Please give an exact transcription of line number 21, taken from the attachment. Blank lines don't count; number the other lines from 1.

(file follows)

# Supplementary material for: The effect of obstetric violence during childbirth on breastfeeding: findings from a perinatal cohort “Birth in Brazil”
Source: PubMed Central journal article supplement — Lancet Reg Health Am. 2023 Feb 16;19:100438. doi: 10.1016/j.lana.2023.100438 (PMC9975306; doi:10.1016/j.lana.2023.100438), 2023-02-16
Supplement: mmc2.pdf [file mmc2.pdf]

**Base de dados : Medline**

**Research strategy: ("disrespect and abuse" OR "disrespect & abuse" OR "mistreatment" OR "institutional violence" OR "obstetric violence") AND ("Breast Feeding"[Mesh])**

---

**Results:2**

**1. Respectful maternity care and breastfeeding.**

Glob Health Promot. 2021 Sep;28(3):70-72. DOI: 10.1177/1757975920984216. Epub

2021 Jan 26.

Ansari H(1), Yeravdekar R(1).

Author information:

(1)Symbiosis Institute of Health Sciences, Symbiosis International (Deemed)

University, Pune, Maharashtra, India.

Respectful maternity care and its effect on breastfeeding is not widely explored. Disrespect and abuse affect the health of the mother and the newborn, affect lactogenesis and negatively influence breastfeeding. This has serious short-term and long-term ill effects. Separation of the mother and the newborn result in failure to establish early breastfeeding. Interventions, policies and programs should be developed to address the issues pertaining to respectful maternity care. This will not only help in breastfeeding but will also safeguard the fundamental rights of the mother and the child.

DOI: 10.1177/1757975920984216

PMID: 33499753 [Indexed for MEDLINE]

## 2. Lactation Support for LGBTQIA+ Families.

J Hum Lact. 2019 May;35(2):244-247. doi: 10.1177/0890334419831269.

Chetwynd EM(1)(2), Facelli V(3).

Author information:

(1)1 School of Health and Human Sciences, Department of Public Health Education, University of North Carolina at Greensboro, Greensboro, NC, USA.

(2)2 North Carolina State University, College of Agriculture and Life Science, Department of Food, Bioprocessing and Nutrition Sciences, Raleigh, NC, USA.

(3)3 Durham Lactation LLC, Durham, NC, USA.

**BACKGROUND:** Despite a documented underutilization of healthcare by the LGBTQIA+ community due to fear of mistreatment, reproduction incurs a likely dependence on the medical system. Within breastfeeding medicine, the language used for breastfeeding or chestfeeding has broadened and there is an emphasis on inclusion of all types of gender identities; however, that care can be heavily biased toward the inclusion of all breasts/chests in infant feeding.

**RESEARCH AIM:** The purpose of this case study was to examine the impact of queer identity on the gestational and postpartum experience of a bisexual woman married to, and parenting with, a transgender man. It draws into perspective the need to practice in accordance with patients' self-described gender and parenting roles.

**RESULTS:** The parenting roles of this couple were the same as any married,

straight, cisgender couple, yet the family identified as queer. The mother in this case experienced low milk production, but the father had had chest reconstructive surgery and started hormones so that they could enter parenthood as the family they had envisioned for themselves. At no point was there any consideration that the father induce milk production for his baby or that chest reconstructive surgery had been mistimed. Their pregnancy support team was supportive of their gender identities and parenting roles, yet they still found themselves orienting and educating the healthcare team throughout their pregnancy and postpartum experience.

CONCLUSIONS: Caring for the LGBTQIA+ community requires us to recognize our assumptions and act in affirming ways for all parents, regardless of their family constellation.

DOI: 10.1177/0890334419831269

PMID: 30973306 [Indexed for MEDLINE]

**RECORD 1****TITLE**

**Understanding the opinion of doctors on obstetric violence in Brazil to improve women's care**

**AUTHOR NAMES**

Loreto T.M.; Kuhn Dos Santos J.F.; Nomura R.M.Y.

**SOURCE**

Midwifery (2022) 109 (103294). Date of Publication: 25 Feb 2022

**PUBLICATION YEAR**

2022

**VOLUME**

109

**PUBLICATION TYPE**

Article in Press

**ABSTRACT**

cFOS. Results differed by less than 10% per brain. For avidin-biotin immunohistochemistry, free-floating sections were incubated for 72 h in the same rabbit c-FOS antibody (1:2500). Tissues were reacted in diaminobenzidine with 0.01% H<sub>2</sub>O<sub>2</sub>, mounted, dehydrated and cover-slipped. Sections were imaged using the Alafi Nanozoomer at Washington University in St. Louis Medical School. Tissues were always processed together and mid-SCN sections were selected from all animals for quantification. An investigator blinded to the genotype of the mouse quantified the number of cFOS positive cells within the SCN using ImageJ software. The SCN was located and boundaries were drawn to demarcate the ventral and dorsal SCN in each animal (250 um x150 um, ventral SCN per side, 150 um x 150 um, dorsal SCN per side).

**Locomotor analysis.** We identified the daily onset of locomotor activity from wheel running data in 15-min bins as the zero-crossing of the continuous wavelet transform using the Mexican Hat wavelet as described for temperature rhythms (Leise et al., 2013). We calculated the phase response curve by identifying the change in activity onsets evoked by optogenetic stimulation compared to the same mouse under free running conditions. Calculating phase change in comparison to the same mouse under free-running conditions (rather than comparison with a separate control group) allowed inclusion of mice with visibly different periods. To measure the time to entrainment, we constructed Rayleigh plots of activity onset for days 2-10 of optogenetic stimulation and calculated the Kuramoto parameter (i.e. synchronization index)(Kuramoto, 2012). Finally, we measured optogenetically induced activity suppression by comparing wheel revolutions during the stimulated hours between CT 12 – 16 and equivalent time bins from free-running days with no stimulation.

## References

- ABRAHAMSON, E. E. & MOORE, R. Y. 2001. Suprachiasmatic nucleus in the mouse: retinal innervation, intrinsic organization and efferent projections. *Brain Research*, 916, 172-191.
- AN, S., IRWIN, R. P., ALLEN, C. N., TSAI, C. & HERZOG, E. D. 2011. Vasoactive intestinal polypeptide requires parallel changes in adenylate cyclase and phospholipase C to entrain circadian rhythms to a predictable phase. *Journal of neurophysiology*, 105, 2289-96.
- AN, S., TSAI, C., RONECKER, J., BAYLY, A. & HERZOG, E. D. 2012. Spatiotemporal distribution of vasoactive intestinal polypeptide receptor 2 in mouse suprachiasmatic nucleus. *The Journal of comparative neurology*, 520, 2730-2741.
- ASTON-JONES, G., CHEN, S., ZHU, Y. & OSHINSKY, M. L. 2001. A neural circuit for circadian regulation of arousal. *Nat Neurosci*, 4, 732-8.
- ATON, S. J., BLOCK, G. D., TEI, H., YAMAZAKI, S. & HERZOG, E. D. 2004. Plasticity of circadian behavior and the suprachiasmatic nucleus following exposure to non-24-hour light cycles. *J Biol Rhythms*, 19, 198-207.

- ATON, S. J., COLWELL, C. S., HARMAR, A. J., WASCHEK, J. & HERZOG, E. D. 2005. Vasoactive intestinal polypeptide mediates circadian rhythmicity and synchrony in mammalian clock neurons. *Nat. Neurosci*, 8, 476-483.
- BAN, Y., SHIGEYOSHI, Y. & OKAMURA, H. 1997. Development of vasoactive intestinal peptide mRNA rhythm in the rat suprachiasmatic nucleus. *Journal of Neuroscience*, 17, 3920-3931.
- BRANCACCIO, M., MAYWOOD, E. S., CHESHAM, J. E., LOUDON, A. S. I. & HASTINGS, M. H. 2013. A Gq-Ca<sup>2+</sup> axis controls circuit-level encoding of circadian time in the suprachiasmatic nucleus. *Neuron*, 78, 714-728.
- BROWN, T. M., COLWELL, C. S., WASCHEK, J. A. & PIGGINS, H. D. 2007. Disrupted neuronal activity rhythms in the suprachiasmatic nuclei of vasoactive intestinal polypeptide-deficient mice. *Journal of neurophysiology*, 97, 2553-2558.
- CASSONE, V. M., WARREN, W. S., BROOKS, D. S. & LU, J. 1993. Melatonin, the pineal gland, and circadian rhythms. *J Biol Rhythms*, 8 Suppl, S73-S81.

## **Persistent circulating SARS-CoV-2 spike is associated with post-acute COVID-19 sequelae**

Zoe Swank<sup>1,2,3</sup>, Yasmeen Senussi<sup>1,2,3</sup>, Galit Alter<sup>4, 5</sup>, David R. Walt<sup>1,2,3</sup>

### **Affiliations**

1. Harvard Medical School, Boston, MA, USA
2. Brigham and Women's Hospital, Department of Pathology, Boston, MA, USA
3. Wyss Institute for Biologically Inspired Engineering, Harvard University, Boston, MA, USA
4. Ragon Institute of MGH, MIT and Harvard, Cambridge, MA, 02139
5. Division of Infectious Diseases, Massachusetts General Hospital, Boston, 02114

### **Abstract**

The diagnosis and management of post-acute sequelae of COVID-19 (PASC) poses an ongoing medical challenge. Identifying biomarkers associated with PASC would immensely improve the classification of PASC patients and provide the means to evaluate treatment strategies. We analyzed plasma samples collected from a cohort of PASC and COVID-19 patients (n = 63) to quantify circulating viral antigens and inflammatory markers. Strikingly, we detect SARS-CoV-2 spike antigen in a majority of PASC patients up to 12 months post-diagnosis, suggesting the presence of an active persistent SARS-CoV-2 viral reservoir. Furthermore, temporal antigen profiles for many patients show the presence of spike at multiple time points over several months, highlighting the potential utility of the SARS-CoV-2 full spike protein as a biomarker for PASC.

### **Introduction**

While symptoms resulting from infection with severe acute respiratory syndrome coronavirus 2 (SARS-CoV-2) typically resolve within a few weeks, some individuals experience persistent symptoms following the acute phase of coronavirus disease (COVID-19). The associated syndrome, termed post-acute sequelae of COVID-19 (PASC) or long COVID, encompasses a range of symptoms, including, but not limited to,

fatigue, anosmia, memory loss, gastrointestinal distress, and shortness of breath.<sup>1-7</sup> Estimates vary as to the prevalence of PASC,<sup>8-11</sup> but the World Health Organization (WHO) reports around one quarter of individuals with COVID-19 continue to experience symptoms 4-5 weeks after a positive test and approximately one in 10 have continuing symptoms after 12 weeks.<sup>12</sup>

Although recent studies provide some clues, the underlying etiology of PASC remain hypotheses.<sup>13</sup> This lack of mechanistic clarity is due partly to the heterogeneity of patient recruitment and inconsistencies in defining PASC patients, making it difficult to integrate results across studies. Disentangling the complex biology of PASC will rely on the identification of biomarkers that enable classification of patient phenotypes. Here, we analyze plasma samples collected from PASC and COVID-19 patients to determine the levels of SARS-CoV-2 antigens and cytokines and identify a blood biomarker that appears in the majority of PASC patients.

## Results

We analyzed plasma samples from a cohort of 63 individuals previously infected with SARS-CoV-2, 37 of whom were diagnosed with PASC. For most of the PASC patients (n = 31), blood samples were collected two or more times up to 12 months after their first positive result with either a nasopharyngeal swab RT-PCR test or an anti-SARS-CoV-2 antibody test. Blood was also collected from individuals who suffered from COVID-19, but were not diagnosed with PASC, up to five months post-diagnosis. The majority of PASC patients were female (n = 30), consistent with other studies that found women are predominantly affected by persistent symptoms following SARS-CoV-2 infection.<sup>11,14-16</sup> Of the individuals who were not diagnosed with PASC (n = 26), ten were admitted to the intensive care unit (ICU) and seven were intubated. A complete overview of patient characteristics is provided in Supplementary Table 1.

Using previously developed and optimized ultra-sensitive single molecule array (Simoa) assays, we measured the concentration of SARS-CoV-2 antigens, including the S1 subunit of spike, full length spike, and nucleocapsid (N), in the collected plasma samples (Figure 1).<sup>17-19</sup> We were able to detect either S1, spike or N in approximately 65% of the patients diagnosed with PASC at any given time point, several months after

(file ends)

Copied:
Author information: